Plan B Availability


MCT 2006-McClatchy by Tony Pugh

Eliza Yass, Web Opinions Editor

As a teenager, I firmly believe that the emergency contraception “Plan B” pill should remain available to girls age 15 and over.

Currently, the pill is sold without a prescription to women and girls ages 15 and older. Last Monday, a federal appeals court temporarily granted the Obama Administration’s request for a stay of an order by Judge Edward R. Korman of Federal District Court that the pill be available to women of all ages, over the counter. The Justice Department appealed that order and the appeals court is waiting to hear both sides of the argument before implementing anything.

The idea that “Plan B” could be available to girls of all ages has caused an endless debate. Some feel that making the pill more available encourages teens to engage in sexual activity, and that the minimum age should be raised. Other groups, including some that believe that the government shouldn’t restrict women’s ability to terminate a pregnancy at all, think that the pill should be available for all ages. The debate is contentious.

I feel that the pill should remain available over the counter to girls 15 and over. Although we don’t want to encourage teens to have sex, the reality is that many already are. A study done by CNN shows that over 42% of teenage girls age 15-19 have had sex or are currently sexually active. In addition, teen birth rates have decreased almost 50% since 1991 as contraceptives have become more available and the percentage of teens having sex has stayed steady. In other words, the increased availability of contraceptives throughout the United States has not caused a noticeable increase in the number of teens engaging in sexually activity.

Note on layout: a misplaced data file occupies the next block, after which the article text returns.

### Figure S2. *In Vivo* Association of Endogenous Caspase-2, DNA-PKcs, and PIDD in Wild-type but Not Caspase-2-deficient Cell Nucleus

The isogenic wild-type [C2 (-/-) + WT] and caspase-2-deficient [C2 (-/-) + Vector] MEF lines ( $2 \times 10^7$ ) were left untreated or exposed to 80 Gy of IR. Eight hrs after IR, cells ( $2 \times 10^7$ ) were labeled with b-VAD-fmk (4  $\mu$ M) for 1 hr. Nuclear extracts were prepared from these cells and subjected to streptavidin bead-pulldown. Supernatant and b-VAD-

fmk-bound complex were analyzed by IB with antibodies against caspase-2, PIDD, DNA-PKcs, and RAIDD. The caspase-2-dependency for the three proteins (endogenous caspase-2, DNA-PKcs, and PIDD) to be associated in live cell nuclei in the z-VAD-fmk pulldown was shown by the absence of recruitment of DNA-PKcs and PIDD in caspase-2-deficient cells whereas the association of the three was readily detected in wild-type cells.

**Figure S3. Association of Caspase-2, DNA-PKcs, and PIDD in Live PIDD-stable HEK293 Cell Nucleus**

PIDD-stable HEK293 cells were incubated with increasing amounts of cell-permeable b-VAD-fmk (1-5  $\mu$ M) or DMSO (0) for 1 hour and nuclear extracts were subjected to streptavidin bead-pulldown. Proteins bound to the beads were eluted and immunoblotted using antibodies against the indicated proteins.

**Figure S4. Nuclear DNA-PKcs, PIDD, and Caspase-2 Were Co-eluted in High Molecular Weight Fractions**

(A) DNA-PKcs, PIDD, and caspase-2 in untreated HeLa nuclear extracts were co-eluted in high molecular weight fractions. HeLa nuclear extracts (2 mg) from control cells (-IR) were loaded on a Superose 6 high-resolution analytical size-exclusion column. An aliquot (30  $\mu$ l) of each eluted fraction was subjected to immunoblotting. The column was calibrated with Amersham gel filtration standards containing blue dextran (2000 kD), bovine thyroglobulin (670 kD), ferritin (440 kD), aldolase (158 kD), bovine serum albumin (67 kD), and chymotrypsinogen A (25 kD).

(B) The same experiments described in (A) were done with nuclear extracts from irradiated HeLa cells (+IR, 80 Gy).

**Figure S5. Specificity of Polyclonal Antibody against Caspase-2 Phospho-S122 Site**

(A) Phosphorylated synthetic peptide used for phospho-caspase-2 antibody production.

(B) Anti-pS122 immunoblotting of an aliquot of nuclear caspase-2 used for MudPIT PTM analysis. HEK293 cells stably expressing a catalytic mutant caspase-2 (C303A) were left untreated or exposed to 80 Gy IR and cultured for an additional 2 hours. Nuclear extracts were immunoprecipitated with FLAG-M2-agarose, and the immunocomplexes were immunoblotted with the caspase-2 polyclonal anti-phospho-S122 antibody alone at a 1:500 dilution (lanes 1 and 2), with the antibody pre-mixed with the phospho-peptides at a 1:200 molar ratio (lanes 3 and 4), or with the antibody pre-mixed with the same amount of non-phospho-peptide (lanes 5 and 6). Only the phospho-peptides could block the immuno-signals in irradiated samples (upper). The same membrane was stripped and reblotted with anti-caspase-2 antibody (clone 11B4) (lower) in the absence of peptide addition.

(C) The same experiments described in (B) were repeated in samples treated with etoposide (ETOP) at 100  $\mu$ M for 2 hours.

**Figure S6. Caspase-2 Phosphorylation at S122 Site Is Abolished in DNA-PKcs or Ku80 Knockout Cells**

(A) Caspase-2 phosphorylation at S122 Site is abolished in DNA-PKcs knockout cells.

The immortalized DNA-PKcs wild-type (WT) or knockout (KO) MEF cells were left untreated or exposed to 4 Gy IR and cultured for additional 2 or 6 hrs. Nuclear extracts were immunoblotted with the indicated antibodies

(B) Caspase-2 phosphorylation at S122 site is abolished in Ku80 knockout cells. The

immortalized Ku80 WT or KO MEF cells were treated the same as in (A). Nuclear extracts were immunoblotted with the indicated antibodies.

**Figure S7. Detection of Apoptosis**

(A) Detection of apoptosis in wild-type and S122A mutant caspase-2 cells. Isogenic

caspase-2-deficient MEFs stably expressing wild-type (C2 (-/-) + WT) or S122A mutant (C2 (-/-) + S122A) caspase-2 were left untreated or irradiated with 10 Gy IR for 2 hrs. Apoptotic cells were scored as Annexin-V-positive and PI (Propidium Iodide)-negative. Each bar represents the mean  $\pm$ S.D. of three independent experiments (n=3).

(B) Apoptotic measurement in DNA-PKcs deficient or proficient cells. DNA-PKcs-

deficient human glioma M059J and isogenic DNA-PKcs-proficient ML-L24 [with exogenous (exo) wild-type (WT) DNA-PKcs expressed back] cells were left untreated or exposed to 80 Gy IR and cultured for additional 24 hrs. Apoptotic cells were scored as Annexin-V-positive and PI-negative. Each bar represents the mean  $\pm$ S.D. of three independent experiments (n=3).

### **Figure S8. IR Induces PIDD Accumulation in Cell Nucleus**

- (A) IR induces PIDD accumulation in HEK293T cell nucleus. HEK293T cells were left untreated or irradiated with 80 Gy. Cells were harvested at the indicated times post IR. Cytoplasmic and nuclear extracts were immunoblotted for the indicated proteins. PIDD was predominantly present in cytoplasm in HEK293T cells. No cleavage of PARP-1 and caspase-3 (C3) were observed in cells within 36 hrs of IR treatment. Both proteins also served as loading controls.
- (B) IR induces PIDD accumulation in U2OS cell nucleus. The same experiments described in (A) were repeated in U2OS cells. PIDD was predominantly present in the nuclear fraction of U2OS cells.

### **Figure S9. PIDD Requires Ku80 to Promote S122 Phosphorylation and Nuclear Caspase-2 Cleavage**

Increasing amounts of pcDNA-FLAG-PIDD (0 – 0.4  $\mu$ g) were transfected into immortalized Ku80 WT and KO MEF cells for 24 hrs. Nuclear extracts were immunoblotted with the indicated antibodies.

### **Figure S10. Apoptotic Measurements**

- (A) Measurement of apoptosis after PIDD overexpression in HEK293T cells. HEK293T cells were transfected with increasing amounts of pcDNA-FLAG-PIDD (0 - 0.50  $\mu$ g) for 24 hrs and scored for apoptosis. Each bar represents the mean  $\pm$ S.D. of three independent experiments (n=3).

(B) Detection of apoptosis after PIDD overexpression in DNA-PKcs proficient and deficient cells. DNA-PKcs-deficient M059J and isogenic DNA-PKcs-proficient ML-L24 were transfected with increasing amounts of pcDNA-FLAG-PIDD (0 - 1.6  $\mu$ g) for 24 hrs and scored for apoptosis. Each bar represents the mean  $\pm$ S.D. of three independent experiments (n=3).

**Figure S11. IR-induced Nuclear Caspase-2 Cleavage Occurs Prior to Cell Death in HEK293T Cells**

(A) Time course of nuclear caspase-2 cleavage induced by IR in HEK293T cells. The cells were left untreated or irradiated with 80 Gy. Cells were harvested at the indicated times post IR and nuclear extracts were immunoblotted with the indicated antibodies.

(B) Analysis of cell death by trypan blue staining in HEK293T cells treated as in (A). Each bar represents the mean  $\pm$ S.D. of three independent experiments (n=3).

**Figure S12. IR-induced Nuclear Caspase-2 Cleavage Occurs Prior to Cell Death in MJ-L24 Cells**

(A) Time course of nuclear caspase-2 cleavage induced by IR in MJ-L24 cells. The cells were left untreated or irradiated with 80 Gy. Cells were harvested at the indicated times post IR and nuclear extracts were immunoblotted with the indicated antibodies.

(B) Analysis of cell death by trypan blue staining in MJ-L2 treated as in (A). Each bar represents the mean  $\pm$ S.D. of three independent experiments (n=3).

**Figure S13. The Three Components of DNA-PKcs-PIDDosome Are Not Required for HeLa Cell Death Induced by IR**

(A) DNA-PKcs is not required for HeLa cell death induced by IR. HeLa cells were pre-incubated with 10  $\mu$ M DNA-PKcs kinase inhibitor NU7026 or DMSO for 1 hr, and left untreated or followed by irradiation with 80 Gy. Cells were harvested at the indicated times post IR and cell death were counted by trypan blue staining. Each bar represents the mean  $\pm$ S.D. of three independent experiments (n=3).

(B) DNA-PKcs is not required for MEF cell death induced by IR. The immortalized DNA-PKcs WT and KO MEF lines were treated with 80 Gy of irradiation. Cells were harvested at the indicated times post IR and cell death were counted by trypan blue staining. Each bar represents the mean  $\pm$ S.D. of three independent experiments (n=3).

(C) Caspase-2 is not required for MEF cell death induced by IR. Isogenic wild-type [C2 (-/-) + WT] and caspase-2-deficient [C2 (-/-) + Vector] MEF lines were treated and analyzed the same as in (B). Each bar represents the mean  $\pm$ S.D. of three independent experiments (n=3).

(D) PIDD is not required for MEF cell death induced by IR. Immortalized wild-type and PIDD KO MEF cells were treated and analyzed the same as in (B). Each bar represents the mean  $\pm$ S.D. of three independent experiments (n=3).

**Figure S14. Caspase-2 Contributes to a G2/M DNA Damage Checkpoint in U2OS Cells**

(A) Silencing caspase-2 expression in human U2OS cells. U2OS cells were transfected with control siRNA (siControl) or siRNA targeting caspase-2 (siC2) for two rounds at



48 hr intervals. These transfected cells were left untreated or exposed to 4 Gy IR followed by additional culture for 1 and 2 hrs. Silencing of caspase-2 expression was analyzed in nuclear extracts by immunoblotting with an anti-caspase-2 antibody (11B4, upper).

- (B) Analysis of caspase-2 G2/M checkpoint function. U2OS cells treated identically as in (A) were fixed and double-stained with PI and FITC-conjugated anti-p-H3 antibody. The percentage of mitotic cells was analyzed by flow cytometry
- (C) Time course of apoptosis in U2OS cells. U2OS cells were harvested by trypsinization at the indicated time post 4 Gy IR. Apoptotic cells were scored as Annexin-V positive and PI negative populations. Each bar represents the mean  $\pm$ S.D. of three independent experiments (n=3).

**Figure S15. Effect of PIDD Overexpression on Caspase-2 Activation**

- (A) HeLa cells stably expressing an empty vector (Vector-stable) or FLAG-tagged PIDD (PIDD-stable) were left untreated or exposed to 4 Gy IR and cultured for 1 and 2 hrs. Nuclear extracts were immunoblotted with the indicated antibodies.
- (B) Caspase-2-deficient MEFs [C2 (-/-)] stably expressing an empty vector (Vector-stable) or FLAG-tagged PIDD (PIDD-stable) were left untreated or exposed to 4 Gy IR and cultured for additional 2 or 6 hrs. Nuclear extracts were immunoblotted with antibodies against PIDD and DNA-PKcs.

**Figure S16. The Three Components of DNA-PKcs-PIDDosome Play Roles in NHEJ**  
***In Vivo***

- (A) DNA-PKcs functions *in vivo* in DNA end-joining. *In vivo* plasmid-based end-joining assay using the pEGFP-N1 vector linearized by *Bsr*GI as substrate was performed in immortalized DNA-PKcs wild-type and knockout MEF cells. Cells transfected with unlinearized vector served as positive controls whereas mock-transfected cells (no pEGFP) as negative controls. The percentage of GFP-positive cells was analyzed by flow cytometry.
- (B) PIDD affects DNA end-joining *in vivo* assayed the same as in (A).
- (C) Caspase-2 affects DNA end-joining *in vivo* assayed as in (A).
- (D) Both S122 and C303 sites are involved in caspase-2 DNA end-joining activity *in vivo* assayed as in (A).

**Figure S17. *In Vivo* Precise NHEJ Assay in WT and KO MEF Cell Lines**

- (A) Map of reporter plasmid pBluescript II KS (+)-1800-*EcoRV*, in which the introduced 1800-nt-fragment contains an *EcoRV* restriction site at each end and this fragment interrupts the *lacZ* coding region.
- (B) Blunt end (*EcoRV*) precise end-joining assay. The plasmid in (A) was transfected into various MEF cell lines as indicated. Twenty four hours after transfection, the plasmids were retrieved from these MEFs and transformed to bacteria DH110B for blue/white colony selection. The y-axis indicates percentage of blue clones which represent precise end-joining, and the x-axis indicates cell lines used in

This drug is meant as a back-up emergency method if birth control or a condom fails. It is not to be used as a regular contraceptive. Teens that stayed away from sexual activity in the past due to lack of an access to birth control or contraceptives will most likely not suddenly become sexually active based on Plan B’s availability because the drug cannot be used regularly. Using it more than twice a month can be harmful to a girl’s health. In addition, some risks come with taking it. Plan B is almost 40 times the dosage of Levonorgestrel, the drug in most forms of birth control. The side effects that come with Plan B are very similar to the side effects of starting birth control except they are slightly exacerbated. These include, nausea, vomiting, dizziness and fatigue. Plan B is also not fully guaranteed to prevent pregnancy.

The bottom line is that almost 50% of teen girls ages 15-19 are having sex. In the past, just those 18 and over were able to access Plan B. Making contraceptives such as Plan B less available will not cause teens to refrain from engaging in sexual activity. Reducing pregnancies among younger teens, who are even less prepared than 18 year olds to face motherhood, give up a child for adoption or choose abortion, is vital. The government cannot stop what is already happening. It can only do everything in its power to make sure these decisions made at a young age do not have detrimental effects on a girl’s future.